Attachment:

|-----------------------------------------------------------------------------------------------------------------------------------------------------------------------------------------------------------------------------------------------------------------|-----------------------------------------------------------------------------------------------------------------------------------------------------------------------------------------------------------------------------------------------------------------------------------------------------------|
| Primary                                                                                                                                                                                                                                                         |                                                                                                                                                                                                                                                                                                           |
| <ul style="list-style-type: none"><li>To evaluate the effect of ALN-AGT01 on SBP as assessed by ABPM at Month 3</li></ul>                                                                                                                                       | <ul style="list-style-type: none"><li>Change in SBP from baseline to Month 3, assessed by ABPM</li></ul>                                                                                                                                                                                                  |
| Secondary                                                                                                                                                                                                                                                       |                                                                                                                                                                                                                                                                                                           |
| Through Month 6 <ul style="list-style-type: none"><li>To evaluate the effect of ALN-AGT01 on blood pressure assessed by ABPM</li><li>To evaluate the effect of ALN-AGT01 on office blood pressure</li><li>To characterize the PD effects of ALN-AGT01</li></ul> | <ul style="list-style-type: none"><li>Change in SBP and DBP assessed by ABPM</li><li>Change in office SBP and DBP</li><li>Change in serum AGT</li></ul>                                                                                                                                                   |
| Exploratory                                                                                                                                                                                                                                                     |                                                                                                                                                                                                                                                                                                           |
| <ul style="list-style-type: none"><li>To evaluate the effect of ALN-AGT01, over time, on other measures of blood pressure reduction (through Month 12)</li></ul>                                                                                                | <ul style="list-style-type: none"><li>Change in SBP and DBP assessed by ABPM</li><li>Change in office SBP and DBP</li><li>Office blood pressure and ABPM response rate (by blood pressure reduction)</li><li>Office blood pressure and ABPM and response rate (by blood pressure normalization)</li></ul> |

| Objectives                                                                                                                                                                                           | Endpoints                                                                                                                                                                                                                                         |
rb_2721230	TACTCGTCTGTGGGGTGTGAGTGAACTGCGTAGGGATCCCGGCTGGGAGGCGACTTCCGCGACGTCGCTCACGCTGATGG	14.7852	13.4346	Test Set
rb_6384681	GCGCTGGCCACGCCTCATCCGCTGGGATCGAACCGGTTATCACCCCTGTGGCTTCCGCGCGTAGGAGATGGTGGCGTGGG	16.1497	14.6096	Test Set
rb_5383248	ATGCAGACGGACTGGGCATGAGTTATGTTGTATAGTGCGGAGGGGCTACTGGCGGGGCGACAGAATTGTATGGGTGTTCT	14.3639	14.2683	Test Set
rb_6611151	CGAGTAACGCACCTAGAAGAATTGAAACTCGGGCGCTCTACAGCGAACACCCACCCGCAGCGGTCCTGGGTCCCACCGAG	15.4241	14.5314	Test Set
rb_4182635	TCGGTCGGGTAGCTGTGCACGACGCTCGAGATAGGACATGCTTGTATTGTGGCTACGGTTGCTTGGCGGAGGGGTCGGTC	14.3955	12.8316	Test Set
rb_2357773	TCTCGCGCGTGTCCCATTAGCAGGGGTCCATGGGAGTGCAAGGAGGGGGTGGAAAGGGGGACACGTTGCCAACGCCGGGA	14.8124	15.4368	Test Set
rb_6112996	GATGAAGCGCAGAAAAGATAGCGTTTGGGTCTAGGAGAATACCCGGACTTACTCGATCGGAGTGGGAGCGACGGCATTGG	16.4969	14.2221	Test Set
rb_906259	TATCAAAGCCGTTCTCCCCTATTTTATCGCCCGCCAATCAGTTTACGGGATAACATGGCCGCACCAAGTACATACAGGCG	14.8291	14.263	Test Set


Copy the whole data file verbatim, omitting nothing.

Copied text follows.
|-----------------------------------------------------------------------------------------------------------------------------------------------------------------------------------------------------------------------------------------------------------------|-----------------------------------------------------------------------------------------------------------------------------------------------------------------------------------------------------------------------------------------------------------------------------------------------------------|
| Primary                                                                                                                                                                                                                                                         |                                                                                                                                                                                                                                                                                                           |
| <ul style="list-style-type: none"><li>To evaluate the effect of ALN-AGT01 on SBP as assessed by ABPM at Month 3</li></ul>                                                                                                                                       | <ul style="list-style-type: none"><li>Change in SBP from baseline to Month 3, assessed by ABPM</li></ul>                                                                                                                                                                                                  |
| Secondary                                                                                                                                                                                                                                                       |                                                                                                                                                                                                                                                                                                           |
| Through Month 6 <ul style="list-style-type: none"><li>To evaluate the effect of ALN-AGT01 on blood pressure assessed by ABPM</li><li>To evaluate the effect of ALN-AGT01 on office blood pressure</li><li>To characterize the PD effects of ALN-AGT01</li></ul> | <ul style="list-style-type: none"><li>Change in SBP and DBP assessed by ABPM</li><li>Change in office SBP and DBP</li><li>Change in serum AGT</li></ul>                                                                                                                                                   |
| Exploratory                                                                                                                                                                                                                                                     |                                                                                                                                                                                                                                                                                                           |
| <ul style="list-style-type: none"><li>To evaluate the effect of ALN-AGT01, over time, on other measures of blood pressure reduction (through Month 12)</li></ul>                                                                                                | <ul style="list-style-type: none"><li>Change in SBP and DBP assessed by ABPM</li><li>Change in office SBP and DBP</li><li>Office blood pressure and ABPM response rate (by blood pressure reduction)</li><li>Office blood pressure and ABPM and response rate (by blood pressure normalization)</li></ul> |

| Objectives                                                                                                                                                                                           | Endpoints                                                                                                                                                                                                                                         |
rb_2721230	TACTCGTCTGTGGGGTGTGAGTGAACTGCGTAGGGATCCCGGCTGGGAGGCGACTTCCGCGACGTCGCTCACGCTGATGG	14.7852	13.4346	Test Set
rb_6384681	GCGCTGGCCACGCCTCATCCGCTGGGATCGAACCGGTTATCACCCCTGTGGCTTCCGCGCGTAGGAGATGGTGGCGTGGG	16.1497	14.6096	Test Set
rb_5383248	ATGCAGACGGACTGGGCATGAGTTATGTTGTATAGTGCGGAGGGGCTACTGGCGGGGCGACAGAATTGTATGGGTGTTCT	14.3639	14.2683	Test Set
rb_6611151	CGAGTAACGCACCTAGAAGAATTGAAACTCGGGCGCTCTACAGCGAACACCCACCCGCAGCGGTCCTGGGTCCCACCGAG	15.4241	14.5314	Test Set
rb_4182635	TCGGTCGGGTAGCTGTGCACGACGCTCGAGATAGGACATGCTTGTATTGTGGCTACGGTTGCTTGGCGGAGGGGTCGGTC	14.3955	12.8316	Test Set
rb_2357773	TCTCGCGCGTGTCCCATTAGCAGGGGTCCATGGGAGTGCAAGGAGGGGGTGGAAAGGGGGACACGTTGCCAACGCCGGGA	14.8124	15.4368	Test Set
rb_6112996	GATGAAGCGCAGAAAAGATAGCGTTTGGGTCTAGGAGAATACCCGGACTTACTCGATCGGAGTGGGAGCGACGGCATTGG	16.4969	14.2221	Test Set
rb_906259	TATCAAAGCCGTTCTCCCCTATTTTATCGCCCGCCAATCAGTTTACGGGATAACATGGCCGCACCAAGTACATACAGGCG	14.8291	14.263	Test Set